Neither Ireland nor Greece, country or culture, have much for the lonely individual to fall back upon, in his hour of need. And the modern ideals, embodied in calls to arms with the International Brigade, in the struggle for republican Spain against Franco, are a bog of compromise where the liberal conscience finds no footing either.

We have come to a place in space where shortly
All of us may be forced to camp in time:
The slender searchlights climb,
Our sins will find us out, even our sins of omission.

What survives is less a philosophy than a vision of life as a dance of brilliant particulars on a background of failed ideas. Its most famous embodiment (‘the drunkenness of things being various’) is in his poem of the early thirties ‘Snow’, but it is everywhere in ‘Autumn Journal’, where the life of the senses—the smell of bread on Charlotte Street, the clinging foam in a beer-glass, the rose geranium soap in the steaming bath, the bark of a sea-lion in Regent’s Park zoo—is marshalled, unconsciously, against the large generalities that have everyone marching in lockstep to disaster.

Open the world wide, open the senses,
Let the soul stretch its blind enormous arms,
There is vision in the fingers only needing waking
Ready for light’s alarms.

‘The man who is tired of London,’ as Samuel Johnson wrote, ‘is tired of life.’ Mac Neice, oddly enough, is never less tired of London or life than in the sections of ‘Autumn Journal’ celebrating an unnamed woman (the painter Nancy Coldstream) with whom his relationship falls apart in the months of its composition. Not since Coleridge’s ‘Dejection Ode’ has a poet so closely analysed the collapse of feeling into its absence; and yet gratitude, not just for what has passed between them, but for the city itself, is the dominant note.

Who has left a scent on my life and left my walls
Dancing over and over with her shadow,
Whose hair is twined in all my waterfalls
And all of London littered with remembered kisses.

The hardboiled veteran of emotional wars (‘When we are out of love, how were we ever in it?’) is forever contending with an open-hearted melancholic, never more so than in the section on a Christmas visit to Paris. That city, of course, is the capital of worldly cynicism, as Spain equals political conflict and Ireland an innocence that never grows beyond itself to the wider fate. All these places or states of mind are, however, contained in London itself—the site of final disillusionment, private or public, to be lived through for something new to resume.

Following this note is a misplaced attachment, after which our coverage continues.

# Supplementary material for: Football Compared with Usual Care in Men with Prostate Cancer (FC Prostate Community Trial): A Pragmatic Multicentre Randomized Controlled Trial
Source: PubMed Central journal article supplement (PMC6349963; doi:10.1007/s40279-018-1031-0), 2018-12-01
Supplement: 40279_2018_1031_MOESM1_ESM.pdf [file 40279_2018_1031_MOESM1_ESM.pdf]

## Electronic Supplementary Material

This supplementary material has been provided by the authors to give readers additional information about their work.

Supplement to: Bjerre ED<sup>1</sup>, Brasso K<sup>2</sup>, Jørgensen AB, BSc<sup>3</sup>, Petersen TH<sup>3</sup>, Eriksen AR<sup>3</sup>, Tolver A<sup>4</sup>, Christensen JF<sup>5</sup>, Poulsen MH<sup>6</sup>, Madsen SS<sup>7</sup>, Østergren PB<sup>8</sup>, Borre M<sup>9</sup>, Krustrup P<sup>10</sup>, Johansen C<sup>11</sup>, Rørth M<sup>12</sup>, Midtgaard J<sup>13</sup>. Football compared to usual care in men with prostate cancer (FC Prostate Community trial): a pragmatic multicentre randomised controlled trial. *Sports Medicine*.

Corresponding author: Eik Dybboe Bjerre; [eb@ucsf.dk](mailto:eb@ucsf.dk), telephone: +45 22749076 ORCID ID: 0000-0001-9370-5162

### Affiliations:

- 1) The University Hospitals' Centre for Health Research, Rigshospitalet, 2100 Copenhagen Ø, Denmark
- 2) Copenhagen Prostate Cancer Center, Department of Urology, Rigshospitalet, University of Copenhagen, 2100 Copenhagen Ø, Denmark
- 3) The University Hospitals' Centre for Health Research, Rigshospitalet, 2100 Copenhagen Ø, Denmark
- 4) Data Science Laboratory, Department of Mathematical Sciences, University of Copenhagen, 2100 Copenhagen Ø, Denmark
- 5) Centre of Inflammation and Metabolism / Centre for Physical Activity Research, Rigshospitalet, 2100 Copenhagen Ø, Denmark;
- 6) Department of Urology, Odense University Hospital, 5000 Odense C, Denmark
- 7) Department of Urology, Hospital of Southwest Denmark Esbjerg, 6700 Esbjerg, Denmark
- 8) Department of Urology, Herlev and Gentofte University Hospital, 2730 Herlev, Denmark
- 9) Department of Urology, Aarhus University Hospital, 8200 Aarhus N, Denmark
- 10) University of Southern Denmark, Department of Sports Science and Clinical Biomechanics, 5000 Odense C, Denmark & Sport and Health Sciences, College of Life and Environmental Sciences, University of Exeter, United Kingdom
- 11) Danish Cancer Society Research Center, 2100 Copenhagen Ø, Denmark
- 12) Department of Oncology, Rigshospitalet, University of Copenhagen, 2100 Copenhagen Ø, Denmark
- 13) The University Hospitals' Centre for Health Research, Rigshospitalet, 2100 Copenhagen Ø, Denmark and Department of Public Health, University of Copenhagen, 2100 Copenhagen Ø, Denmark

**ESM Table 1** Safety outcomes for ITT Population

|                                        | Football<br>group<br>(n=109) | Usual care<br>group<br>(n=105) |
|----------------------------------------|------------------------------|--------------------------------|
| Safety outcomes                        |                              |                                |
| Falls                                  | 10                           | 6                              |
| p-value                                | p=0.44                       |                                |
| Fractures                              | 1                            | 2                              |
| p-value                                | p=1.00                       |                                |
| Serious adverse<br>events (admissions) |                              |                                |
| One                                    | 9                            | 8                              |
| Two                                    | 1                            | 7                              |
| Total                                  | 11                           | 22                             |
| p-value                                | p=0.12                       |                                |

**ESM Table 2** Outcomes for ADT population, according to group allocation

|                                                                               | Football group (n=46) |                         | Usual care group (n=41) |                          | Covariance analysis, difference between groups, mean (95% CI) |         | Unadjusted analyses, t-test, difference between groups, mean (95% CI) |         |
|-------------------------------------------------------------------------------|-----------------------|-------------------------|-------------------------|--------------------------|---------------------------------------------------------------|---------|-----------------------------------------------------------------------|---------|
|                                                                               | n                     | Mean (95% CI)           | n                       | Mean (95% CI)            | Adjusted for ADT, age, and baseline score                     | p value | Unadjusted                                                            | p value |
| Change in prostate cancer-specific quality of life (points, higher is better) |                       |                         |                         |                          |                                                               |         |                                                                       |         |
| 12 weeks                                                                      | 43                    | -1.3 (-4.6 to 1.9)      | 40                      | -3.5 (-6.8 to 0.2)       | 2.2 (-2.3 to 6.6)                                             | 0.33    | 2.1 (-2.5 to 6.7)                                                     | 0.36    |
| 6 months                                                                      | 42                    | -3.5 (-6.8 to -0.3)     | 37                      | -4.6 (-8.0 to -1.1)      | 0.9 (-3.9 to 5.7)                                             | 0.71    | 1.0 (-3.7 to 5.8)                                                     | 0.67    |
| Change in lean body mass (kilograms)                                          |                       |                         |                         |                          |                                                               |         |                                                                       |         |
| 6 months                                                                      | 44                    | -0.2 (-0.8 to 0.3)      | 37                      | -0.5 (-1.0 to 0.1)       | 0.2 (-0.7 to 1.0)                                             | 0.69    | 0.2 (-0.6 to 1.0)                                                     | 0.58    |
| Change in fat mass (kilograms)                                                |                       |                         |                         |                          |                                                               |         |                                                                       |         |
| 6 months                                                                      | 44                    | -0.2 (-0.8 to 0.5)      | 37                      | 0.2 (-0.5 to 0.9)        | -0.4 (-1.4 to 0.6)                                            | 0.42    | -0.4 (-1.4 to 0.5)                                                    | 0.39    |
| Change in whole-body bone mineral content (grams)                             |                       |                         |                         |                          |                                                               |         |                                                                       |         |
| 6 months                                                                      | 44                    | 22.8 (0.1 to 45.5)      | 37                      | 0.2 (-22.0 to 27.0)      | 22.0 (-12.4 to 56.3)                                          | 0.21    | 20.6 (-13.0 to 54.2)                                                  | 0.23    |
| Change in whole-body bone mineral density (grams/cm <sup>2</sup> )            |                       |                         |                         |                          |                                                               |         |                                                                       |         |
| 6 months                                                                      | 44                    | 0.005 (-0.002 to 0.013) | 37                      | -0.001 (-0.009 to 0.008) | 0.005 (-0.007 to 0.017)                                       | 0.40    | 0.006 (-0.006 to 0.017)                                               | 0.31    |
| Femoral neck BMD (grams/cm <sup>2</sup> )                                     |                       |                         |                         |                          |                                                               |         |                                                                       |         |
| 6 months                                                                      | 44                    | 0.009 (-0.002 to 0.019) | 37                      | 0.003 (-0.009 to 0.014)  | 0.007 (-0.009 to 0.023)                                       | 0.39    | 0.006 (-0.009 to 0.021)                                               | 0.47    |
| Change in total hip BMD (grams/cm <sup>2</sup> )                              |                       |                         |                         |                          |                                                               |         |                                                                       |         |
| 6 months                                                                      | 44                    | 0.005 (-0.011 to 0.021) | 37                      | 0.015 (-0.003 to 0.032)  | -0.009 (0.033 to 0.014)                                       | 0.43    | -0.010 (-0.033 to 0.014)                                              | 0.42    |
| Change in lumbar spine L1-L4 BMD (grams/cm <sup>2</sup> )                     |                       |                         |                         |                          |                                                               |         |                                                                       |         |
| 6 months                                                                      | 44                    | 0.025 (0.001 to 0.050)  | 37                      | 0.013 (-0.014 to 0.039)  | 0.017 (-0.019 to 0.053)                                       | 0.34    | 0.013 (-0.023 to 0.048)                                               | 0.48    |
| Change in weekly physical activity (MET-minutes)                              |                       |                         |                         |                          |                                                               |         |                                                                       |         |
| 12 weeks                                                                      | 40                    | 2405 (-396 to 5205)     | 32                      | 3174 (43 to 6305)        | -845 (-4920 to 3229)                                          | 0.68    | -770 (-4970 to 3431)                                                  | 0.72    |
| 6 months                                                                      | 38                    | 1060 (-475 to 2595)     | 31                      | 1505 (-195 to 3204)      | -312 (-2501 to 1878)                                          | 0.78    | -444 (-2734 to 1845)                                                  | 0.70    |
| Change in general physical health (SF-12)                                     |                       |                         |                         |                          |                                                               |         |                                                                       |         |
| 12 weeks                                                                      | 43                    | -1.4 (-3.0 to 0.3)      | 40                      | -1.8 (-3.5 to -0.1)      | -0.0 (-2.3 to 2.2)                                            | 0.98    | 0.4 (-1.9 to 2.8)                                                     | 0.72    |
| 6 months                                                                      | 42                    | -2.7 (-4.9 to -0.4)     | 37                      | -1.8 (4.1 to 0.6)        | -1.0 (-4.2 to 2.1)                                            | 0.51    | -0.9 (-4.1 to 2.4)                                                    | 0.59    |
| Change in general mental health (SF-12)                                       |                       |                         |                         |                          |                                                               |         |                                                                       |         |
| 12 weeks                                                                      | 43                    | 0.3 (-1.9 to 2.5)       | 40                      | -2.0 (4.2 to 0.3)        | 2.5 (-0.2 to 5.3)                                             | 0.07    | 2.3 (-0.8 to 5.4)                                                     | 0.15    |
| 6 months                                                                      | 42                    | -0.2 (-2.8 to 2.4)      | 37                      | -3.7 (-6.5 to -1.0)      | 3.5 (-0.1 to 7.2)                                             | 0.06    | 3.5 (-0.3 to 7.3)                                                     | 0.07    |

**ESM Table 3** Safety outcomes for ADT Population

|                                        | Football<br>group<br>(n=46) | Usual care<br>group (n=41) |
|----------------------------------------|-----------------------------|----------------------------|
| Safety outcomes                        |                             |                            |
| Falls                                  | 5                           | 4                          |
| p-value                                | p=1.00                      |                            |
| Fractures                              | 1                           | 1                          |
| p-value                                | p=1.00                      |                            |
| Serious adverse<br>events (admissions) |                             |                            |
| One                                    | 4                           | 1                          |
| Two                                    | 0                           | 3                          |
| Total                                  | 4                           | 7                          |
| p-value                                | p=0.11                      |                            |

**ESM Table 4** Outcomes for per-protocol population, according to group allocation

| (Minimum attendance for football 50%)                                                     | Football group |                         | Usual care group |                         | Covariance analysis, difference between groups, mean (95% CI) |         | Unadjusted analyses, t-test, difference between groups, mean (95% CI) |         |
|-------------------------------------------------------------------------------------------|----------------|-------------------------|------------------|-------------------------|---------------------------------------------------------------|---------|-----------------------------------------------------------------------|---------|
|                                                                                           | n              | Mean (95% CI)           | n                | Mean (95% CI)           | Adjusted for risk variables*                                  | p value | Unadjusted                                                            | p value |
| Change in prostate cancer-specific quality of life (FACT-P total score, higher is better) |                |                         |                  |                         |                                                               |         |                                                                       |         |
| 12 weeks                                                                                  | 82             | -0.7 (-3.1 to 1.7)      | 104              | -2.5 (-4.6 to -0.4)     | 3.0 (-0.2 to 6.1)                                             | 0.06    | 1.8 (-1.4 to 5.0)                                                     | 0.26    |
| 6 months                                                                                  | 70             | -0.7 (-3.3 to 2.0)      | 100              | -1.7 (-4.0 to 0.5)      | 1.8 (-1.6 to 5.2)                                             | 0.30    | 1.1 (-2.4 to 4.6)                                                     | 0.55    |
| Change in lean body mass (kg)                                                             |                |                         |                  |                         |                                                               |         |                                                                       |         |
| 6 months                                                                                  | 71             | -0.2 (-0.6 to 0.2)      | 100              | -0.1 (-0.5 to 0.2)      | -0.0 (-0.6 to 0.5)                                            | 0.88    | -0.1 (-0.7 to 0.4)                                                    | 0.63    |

By December, as his biographer Jon Stallworthy tells us, much of ‘Autumn Journal’ had been written, and by early the following February the typescript was with his publisher T.S. Eliot. In the meantime, the equivocatings of 1938 had given way to the grim certainties of 1939. Politically, war was now inevitable; and privately, love was a thing of the past.

The lady is gone who stood in the way so long,
The hypnosis is over and no-one
Calls encore to the song.

At this point, the whole poem shifts away from retrospection and self-examination. The ground has been cleared, the battle about to begin for the fate of mankind. Contemplation, now, gives way to action. The master-image, in the great final section, is of millions sleeping, as in Shakespeare’s Henry V, on the eve of something decisive.

To-night we sleep
On the banks of Rubicon the die is cast;
There will be time to audit
The accounts later, there will be sunlight later
And the equation will come out at last.

It is eighty years, or nearly, since the first publication of ‘Autumn Journal’. Did the equation come out at last? Or is something infinitely less liberal and optimistic slouching towards Bethlehem to be born? The war, like the one before it, solved nothing, and subsequent conflicts—the ones on our screens—leave us in the same uneasy peace as 1938, while staking out our greeds and paranoias in farther corners of the earth. Nobody new, in all these years, shows signs of coming through from the provinces with another London meditation. And that, perhaps, is because the one we have in ‘Autumn Journal’ is more than adequate, living as we do on the edge of a rational catastrophe, armed with the Saturday morning liberal optimism MacNeice unmasked, in himself and others, for its hollowness, while still loving the London it and he belonged to. Irish or not, our backs are still to the wall of that Primrose Hill flat, in that faraway autumn.